The Progressive Alliance strikes again in Richmond upon Thames

Richmond’s Progressive Alliance beats the Tories and introduces a new and more radical politics.

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On a night when the two big parties stood still, an experiment in Richmond, southwest London, proved that alliances between progressives work.

The product of local decisions and discussion, the most remarkable result of these elections was in the London Borough of Richmond upon Thames, where 29 seats changed hands. Almost all of these were lost by the Conservatives, and they all went to a Progressive Alliance of Liberal Democrats and Greens.

For the third time in 18 months, voters in Richmond have said ‘yes’ to grown-up alliance-based politics, to parties and candidates working together to overcome the first-past-the-post voting system – and defeat the incumbent Tories. Even better: there are now radical left and green voices on Richmond council – this is a good thing.

First, in the autumn of 2016, a Progressive Alliance delivered a mighty blow to the Conservatives and the wider right, as Lib Dem Sarah Olney took the Richmond Park by-election and unseated Zac Goldsmith.

Then, during Theresa May’s snap general election last year, Progressive Alliances were responsible for remarkable results in both Richmond Park, where Sarah Olney very nearly fought off Goldsmith for a second time, and Twickenham, where the Conservative incumbent was beaten by Vince Cable, now the leader of the Liberal Democrats. In both constituencies, Green Party candidates stood aside and many voters joined the tactical voting surge, which ultimately helped to take away the Tories’ majority in Parliament.Fulwell leaflet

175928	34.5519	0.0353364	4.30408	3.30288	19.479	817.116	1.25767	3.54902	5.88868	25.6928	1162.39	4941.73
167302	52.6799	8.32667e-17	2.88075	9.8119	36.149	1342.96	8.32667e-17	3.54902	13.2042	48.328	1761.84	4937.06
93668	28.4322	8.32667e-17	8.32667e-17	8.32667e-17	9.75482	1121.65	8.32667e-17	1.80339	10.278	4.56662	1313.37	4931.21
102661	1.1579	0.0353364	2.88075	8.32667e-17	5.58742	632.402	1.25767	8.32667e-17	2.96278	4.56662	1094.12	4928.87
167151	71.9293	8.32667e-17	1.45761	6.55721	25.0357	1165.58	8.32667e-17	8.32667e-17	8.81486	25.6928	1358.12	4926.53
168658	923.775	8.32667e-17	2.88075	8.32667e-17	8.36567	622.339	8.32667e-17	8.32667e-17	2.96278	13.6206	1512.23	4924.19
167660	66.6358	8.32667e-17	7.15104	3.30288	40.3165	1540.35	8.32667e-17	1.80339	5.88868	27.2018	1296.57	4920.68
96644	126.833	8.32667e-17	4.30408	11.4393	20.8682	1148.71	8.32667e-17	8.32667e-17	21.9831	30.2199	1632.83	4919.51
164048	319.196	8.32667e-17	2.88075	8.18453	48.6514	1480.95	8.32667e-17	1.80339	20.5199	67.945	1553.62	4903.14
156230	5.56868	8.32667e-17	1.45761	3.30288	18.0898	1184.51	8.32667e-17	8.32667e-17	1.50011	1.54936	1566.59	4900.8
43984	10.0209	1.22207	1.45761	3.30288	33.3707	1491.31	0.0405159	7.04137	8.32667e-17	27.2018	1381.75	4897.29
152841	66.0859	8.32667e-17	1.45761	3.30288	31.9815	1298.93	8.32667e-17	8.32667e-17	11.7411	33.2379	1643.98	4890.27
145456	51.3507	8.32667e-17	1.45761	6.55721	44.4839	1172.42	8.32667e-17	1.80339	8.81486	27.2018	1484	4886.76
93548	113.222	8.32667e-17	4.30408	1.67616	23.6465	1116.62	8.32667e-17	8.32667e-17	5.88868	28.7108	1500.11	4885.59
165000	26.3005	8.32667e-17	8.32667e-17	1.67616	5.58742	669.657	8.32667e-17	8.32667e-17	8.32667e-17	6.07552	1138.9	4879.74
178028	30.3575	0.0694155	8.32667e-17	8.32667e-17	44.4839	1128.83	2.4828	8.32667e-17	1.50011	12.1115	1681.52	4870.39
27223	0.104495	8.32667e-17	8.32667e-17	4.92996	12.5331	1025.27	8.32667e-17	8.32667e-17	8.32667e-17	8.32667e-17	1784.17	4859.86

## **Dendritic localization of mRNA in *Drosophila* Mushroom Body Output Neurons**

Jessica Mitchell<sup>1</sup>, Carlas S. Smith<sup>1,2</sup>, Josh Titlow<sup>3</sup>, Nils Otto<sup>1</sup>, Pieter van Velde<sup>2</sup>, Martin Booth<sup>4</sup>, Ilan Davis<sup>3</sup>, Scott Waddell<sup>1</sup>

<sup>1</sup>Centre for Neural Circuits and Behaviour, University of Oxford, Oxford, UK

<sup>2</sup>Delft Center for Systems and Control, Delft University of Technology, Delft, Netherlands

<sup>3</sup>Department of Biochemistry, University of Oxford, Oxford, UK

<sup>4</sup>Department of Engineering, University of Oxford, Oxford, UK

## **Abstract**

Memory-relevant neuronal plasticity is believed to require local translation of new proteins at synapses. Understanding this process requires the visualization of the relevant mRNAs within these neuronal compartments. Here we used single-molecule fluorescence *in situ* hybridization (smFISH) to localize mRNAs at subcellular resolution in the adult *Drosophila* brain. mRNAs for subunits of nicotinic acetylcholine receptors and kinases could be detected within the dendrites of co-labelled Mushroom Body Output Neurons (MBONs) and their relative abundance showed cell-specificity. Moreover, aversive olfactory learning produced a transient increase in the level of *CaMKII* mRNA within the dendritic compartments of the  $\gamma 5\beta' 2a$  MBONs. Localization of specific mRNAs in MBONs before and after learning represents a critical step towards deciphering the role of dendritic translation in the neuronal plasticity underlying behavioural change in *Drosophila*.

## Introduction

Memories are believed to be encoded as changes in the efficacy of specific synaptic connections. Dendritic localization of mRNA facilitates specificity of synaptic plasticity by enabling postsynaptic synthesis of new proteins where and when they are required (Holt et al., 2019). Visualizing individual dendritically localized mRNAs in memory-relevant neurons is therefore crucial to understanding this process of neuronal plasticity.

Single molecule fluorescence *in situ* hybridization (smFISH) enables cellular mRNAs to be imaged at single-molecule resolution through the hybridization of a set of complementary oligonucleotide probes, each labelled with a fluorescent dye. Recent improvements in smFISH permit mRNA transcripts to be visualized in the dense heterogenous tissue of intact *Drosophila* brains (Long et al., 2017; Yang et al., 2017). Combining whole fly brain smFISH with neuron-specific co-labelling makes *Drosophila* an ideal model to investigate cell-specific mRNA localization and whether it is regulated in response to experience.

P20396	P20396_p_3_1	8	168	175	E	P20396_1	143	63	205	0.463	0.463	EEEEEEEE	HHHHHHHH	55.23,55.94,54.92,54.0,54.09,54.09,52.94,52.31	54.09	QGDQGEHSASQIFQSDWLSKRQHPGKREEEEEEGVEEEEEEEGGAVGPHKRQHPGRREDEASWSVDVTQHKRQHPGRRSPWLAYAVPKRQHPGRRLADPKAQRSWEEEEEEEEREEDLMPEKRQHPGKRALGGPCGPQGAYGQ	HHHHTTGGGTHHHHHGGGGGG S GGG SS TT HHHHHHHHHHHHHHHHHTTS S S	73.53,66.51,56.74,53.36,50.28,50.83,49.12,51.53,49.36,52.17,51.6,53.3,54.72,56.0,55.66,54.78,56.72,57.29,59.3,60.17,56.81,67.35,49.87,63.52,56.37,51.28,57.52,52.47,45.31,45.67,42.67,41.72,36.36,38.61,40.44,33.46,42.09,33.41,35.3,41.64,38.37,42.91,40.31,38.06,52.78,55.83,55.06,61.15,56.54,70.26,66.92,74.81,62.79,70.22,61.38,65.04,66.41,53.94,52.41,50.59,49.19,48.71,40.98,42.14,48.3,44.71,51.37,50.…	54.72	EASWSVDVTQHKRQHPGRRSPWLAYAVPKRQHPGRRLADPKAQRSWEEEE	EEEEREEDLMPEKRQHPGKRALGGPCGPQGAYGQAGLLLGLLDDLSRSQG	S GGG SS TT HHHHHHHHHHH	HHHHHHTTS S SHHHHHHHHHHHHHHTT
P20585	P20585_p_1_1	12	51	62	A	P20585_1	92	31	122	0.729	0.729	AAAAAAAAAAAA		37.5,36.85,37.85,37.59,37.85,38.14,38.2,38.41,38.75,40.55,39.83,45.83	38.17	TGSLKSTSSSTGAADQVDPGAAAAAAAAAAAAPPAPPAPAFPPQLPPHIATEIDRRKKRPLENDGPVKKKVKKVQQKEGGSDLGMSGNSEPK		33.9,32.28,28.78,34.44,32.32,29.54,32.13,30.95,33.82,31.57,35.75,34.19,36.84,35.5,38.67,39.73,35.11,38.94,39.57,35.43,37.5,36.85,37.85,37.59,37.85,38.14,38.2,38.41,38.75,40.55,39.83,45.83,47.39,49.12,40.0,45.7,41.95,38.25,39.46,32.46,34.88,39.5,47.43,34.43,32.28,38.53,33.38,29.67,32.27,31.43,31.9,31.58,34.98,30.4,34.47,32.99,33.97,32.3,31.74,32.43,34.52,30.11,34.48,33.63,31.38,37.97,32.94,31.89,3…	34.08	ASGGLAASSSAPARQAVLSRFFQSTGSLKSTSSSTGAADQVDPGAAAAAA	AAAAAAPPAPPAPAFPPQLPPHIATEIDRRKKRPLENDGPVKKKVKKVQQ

Now, building on the mutual trust between the Liberal Democrats and the Greens locally, and on local voters’ backing of the Progressive Alliance concept, both parties are enjoying an excellent result, giving them a mandate to protect Richmond’s public services and oppose Heathrow expansion.

Today, we celebrate the resounding success of Richmond’s Progressive Alliance. But we don’t lose sight of two things.

First, the tragedy of last year’s general election, which could have seen a change of government if progressive parties had decided to collaborate more effectively.

Second, that the Progressive Alliance is the way to achieve a fairer voting system. One in which all parties can field a full slate of candidates without harming their own chances, or those of fellow progressives. One in which in a borough like Richmond, Labour’s vote share of 10 percent translates into 10 percent of the council seats, instead of zero. We’ll only get there if progressives work together.

If you want to build on this fantastic example and help establish progressive politics and progressive majorities across the country, to bring about a Good Society, then join Compass today.

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